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Rethinking donor meetings

publication date: Apr 9, 2018
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author/source: Ann Rosenfield, MBA, CFRE

When I was in charge of fundraising at an HIV/AIDS organization, we did a risk assessment of all our work. Their surprising finding? The biggest structural risk to the charity was the planned giving person. Meeting alone with vulnerable donors in their home and talking about bequests, the auditors noted that our planned giving person was in a position to inappropriately influence donors to leave him a generous bequest in their will. Thankfully, my planned giving employee was honest but it is exactly this risk of undue influence that inspired the Association of Fundraising Professionals to include safeguards for donors in their ethical code.

While it is important to worry about donors, results from last week's results by The Harris Poll, sponsored jointly by the Association of Fundraising Professionals  and the Chronicle of Philanthropy suggest we also need to pay attention to ourselves. The research found that almost 1 in 5 (19%) of Canadian fundraisers had been sexually harassed at work. The Canadian and American results were similar.

What was of great concern in the research findings was that 65% of the harassers were donors. This is combined with the study finding that just over a quarter of respondents believed that donors are prioritized. Of concern, the numbers increase for those who have personally experienced sexual harassment, witnessed or been told about another’s experiences. 

Bear in mind that 70% of fundraisers are women and note that the survey results identified 96% of the harassers are men. This means we have an epic systems problem for charities and fundraisers. While we need to worry about donor's wellbeing, we also need to worry about our own safety. In fact, this issue is the mirror image of that one noted in my planned giving story above. When you only have two people in a meeting, it can lead to unintended problems.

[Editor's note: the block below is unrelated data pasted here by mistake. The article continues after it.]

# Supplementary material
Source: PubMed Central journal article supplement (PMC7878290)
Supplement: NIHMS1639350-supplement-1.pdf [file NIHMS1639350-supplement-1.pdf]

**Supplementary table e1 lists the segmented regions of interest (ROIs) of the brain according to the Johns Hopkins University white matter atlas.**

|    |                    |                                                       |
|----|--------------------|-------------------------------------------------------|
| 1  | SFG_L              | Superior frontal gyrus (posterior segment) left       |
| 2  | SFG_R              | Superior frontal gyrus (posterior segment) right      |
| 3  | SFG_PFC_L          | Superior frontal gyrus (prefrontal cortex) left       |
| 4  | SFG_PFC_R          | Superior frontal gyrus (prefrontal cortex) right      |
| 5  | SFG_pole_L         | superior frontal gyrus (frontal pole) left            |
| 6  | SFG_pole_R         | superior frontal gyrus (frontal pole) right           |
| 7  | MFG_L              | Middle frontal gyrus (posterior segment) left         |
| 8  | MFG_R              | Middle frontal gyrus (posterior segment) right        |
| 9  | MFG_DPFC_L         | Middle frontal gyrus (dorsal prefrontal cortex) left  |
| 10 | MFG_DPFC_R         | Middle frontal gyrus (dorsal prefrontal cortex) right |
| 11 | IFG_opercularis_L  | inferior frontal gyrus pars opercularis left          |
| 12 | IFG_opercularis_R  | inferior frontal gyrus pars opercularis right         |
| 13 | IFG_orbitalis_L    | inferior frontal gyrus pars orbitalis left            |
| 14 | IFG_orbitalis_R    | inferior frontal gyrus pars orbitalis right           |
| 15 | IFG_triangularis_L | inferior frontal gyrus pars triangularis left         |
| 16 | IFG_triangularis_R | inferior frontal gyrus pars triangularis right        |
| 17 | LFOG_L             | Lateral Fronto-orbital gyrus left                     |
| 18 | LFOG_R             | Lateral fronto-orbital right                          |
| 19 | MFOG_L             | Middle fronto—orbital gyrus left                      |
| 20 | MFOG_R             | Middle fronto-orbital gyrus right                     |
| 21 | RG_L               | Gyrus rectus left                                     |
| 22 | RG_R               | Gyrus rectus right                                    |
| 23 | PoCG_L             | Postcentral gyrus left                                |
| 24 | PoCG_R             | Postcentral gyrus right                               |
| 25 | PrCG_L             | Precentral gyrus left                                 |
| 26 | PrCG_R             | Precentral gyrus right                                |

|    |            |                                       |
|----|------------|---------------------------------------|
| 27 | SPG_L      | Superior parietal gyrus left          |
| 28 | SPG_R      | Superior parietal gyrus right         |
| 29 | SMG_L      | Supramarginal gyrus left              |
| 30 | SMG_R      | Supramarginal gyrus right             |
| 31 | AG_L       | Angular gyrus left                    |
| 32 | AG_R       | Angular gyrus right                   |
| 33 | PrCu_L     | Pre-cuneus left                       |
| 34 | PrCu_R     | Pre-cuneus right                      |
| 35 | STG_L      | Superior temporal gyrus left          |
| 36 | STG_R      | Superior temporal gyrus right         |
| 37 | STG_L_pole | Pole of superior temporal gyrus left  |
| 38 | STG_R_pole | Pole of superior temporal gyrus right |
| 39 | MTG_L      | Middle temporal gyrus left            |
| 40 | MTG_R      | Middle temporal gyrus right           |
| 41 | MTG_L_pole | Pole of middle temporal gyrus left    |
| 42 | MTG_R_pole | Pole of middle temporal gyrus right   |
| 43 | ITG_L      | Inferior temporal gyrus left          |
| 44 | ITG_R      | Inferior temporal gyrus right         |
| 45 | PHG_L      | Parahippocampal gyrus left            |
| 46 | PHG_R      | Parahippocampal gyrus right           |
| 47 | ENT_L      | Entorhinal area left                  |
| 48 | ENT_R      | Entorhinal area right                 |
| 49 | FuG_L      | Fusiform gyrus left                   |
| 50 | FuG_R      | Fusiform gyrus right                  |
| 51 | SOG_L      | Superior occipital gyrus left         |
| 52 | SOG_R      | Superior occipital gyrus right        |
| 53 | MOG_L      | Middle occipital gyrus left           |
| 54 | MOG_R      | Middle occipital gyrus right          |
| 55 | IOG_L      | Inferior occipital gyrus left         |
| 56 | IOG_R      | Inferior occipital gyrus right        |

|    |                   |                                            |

It's time to rethink private, one-on-one meetings with donors.

In finance, you would never have one person handle cash. You always have two people. The reason why finance procedures often involve more than one person is to limit risk. Sending a fundraiser alone into an unequal power dynamic is to send them into risk. In major gifts and planned giving, we  fundraisers often meet privately with a donor at the donor's home. We often meet with a donor in our office in a private office behind a closed door.

What are some alternatives?

  • We can meet with a donor in our office with the door open a few inches. This preserves privacy but allows for activity to be seen and heard.
  • We can only meet with donors in public places. This will not eliminate verbal harassment but should reduce it
  • We can go back to the convention of always meeting with donors in a pair.

Fundraisers are not children. But if we don't have our finance people work alone, why do we ask our fundraisers to? And if we are worried about the risk of fundraisers with donors, why do we not have equal concern the other way around?

Over the next months, we need to have more conversations about sexual harassment in our sector. As part of those conversations, we also need to change how we do our work. I have proposed some ideas. Please add your ideas below.

Ann Rosenfield is Editor of Hilborn Charity eNews. She had experience with a skeezy colleague in a different sector who said something inappropriate early in her career. When reported to her boss, the boss said "oh, that's just Alex being Alex."



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